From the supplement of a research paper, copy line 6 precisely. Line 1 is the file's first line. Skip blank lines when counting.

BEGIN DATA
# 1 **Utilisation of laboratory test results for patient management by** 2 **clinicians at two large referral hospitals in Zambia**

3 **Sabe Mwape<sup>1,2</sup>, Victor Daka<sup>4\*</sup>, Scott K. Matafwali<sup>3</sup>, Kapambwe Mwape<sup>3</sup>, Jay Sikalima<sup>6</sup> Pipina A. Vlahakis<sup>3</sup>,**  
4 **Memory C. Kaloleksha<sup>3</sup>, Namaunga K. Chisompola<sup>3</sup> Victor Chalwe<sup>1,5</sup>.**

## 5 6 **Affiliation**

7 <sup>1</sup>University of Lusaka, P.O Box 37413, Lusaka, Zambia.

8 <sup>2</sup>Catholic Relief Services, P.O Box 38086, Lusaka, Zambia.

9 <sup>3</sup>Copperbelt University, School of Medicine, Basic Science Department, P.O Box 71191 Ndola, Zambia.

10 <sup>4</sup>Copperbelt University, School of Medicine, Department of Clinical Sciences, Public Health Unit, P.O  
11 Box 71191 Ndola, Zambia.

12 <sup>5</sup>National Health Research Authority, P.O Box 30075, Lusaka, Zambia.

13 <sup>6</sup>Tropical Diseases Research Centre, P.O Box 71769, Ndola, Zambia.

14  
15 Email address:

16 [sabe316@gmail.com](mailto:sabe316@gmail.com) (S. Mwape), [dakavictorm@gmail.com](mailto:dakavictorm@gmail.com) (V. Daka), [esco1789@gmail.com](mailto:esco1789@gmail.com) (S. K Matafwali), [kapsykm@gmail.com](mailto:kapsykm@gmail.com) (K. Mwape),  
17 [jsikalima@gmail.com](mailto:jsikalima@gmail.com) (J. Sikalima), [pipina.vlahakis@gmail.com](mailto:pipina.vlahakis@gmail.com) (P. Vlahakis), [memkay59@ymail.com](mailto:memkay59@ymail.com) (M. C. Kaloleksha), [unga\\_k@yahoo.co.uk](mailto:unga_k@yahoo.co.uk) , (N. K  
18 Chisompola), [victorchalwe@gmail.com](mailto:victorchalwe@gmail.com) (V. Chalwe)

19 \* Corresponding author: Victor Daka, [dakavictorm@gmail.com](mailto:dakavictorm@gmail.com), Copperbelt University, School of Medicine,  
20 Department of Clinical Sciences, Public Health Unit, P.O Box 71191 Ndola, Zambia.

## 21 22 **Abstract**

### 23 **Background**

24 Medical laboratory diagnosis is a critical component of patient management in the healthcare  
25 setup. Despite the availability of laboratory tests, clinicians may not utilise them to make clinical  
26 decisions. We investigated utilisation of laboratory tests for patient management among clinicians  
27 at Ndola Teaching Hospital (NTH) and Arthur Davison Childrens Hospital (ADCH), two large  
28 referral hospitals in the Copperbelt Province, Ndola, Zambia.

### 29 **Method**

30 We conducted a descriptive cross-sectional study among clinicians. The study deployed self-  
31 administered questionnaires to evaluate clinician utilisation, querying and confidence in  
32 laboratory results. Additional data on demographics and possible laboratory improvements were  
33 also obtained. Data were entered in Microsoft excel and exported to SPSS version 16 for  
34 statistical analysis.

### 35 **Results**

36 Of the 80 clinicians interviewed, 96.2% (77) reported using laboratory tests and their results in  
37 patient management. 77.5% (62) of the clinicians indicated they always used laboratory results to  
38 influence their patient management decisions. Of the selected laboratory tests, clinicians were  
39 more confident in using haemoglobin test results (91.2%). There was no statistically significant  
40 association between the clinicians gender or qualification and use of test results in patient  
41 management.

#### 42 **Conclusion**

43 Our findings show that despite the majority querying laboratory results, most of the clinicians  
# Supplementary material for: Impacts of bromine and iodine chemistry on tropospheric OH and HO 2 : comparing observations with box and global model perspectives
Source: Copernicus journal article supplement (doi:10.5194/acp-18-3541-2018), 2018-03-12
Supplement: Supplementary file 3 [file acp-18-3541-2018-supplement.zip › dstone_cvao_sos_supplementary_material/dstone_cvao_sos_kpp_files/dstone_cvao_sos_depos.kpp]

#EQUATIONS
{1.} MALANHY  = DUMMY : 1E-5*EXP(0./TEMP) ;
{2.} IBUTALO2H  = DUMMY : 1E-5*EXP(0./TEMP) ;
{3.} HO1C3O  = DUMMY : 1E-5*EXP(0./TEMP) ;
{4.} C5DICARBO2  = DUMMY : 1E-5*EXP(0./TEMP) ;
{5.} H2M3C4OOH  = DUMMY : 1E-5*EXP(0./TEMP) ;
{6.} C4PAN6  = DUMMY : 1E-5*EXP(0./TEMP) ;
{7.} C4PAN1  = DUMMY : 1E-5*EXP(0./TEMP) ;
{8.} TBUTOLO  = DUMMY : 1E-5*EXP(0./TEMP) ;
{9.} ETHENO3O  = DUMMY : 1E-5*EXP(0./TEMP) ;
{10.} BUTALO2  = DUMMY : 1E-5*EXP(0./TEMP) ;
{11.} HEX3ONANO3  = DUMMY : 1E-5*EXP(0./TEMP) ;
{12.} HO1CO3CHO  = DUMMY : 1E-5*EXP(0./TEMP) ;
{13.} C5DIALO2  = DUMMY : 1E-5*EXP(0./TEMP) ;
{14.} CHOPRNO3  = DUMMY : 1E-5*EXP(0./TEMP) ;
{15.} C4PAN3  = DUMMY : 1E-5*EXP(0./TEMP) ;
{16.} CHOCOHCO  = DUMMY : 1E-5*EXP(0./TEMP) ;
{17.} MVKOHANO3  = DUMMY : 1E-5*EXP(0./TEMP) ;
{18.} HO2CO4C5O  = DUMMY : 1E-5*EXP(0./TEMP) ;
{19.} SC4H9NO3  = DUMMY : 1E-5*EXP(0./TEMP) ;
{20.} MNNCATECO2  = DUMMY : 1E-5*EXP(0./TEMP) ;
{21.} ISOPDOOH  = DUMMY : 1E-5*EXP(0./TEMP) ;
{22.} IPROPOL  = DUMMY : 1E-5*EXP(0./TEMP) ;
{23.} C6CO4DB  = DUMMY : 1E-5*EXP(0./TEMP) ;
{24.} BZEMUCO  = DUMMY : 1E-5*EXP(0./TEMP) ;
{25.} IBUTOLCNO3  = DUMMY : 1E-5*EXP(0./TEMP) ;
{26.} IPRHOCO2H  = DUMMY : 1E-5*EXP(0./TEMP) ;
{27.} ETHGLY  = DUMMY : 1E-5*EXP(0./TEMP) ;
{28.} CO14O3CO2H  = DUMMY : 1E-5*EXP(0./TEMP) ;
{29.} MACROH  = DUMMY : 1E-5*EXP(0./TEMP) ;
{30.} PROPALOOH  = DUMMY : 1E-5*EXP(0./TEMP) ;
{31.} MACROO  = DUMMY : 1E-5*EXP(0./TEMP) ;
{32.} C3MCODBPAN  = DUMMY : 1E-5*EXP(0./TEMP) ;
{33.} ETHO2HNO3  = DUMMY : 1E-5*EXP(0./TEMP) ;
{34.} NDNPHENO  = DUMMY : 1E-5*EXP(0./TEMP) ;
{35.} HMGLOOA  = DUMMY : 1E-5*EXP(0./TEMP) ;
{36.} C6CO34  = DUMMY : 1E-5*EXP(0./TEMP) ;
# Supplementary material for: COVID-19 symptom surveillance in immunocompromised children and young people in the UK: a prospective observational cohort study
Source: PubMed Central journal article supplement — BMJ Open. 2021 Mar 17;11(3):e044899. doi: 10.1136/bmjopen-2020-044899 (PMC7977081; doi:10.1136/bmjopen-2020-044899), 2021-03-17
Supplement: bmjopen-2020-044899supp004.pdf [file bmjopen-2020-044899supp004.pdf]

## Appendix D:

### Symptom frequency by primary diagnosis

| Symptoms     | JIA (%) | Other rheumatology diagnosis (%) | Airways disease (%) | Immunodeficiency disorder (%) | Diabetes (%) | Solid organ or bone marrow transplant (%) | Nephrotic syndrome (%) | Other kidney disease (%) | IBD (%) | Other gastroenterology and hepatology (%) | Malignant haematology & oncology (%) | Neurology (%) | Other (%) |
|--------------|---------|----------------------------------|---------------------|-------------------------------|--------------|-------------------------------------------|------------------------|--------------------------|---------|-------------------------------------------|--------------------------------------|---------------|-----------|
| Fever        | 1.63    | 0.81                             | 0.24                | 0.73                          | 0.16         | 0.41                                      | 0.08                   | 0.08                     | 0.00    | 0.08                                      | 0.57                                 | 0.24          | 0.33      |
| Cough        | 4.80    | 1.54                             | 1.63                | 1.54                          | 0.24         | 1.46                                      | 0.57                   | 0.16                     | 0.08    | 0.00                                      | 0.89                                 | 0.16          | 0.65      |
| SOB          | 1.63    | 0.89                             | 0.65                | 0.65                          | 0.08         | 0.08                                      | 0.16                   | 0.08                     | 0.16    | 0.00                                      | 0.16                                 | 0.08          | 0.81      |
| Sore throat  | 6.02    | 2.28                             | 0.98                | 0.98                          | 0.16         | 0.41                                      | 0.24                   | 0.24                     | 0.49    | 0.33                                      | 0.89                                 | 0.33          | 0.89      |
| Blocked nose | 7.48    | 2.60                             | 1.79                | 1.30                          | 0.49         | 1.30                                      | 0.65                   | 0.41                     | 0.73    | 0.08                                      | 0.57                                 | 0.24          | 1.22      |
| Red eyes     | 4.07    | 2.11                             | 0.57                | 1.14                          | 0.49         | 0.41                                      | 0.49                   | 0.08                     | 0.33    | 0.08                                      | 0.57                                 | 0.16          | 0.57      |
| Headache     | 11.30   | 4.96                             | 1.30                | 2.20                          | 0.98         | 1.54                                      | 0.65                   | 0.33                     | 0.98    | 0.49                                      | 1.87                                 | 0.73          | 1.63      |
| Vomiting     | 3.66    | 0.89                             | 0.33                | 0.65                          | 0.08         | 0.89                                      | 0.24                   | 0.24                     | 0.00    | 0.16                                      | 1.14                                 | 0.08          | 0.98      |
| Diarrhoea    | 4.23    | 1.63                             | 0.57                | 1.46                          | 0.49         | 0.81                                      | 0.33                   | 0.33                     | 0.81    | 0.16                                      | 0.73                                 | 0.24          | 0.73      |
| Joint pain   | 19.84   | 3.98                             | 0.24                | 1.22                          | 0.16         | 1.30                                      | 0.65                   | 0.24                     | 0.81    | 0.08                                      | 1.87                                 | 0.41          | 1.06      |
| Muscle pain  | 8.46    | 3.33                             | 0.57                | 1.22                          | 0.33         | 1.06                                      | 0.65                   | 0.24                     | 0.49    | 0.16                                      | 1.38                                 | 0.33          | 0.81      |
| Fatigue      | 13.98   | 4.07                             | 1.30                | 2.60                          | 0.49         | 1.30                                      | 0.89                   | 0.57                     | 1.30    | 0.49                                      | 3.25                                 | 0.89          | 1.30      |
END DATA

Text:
8 <sup>2</sup>Catholic Relief Services, P.O Box 38086, Lusaka, Zambia.